“Mom. Mom? Mom!”
If you’ve done a stint as a parent or caregiver, you’re probably familiar with this frustration — the repeated interruption from young kids. But if you think about it, the dings and visual alerts from your emails are even more relentless.
After all, kids grow up and stop interrupting their parents. Email just keeps coming.
American white-collar workers spend 5.4 hours each weekday checking email, according to Adobe’s latest annual email survey. That’s a startling number — equal to 27 hours weekly.
We’ve become so accustomed to checking email — not to mention Facebook, Twitter and other social media networks — that we respond automatically, conditioned like Pavlov’s dogs.
What to do? The best advice — because most of us can’t afford to disconnect altogether — is to check email less often. But that advice is hard for many of us to follow. So, consider these ideas for taming the deluge of email:
No, you can’t ignore messages from your boss, key team members and other critical work influencers. But do you really need to subscribe to sale alerts from your favorite retailers? Or updates on your social media activity?
Ruthlessly unsubscribe, advises Monica Seeley, author of “Brilliant Email: How to Win Back Time and Increase Your Productivity,” speaking to the Huffington Post.
Yes, unsubscribing takes time, but it saves time in the long run.
One other idea: Establish an email account strictly for “junk” or “fun” emails and keep all alerts silent. Check that account only as time allows.
2. Install a productivity app
“You — the user — are in control,” Mark Hurst, a consultant and the author of “Bit Literacy: Productivity in the Age of Information and E-mail Overload,” told the Huffington Post. “The human is the most important part of the system — not the latest tool, not the latest feature. And as long as people abdicate that responsibility [of email management] to the technology, they will remain stressed and overloaded and anxious.”
3. Respond smart
First, turn off audio and visual alerts for emails. Then set a time of day at which you will respond, said Gail Kinman, professor of occupational health psychology at the University of Bedfordshire, in Luton, England.
That sounds easy, but how do you make sure you don’t lose business by not immediately responding to an email from an important client — or your boss? Use email tools to automatically respond to messages and tell them when to expect a response, Kinman told Inc.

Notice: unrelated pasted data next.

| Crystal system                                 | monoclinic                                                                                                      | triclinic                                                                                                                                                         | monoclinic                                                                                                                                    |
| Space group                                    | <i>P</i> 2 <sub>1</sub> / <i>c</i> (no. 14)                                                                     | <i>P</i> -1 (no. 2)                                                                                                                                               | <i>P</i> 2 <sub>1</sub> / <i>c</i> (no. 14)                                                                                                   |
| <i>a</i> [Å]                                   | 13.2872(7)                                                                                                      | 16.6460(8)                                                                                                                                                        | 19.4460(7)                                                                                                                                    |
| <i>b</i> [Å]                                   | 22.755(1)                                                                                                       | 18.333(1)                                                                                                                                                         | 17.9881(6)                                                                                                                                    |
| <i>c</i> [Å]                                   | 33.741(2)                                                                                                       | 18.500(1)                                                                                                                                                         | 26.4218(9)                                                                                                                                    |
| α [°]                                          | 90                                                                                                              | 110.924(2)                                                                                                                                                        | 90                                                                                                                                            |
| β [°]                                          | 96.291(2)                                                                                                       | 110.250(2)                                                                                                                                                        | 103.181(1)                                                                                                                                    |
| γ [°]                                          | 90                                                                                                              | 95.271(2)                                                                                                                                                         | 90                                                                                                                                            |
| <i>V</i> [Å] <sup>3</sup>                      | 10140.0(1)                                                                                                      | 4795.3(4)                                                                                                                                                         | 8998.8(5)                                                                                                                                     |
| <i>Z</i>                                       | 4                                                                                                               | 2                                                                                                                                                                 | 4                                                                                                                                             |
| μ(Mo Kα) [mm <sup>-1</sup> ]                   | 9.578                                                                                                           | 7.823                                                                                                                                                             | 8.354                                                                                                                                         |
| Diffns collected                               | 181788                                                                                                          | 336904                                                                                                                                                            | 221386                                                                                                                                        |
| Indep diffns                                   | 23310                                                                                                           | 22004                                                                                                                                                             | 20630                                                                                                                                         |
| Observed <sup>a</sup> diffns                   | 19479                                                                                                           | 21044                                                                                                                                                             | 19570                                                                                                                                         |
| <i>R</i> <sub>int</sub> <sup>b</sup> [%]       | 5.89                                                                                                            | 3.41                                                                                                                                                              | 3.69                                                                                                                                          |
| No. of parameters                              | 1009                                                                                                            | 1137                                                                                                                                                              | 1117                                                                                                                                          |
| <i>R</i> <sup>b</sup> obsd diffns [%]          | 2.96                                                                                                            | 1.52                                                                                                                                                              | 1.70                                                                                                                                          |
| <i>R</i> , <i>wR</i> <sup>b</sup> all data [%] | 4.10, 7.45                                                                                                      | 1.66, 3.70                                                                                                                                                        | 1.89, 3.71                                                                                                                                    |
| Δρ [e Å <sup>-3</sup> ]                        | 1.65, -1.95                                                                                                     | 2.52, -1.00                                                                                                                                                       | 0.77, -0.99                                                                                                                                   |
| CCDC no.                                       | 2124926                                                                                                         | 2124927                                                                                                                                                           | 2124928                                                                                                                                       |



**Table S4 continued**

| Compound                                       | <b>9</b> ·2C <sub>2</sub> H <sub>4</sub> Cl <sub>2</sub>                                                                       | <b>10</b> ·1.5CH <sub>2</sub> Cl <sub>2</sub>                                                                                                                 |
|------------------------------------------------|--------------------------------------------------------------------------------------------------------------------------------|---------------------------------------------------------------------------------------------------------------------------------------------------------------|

An example of such a message would be: “I have left the office for the day, but will return at 9 a.m. tomorrow and will respond as soon as possible after that time.”
After you respond to the urgent emails, file away messages that don’t need a response and flag those that need follow-up, said Marsha Egan, author of “Inbox Detox and the Habit of Email Excellence.” She explained in an article on Forbes.com:
“Create folders within your inbox, sort the emails that need action, and then set a calendar alert to remind you when to revisit any deadline-oriented messages.”
Hint: That’s where productivity apps help.
5. Don’t delete
Some people keep email in their inbox for fear of losing it. But as long as you don’t delete such emails, you should be able to find them again using search features.
So, instead of leaving them in your inbox or deleting them, archive emails that you want to hang onto, recommended the Harvard Business Review.
6. Change your thinking
Think of your physical mailbox — the one in which you get your physical mail. You don’t check it 20 times a day. You don’t let the day’s mail dictate your entire schedule. And you don’t take the mail out, look at it and return it to the mailbox.
If you develop a similar attitude about your email inbox, you’ll reduce stress and boost productivity.
Email is a fact of life, but start with these strategies to control it so it doesn’t control you.
What tricks have you learned for taming the flood of email and other electronic interruptions? Share with us in comments below or on our Facebook page.
Jim Gold contributed to this post.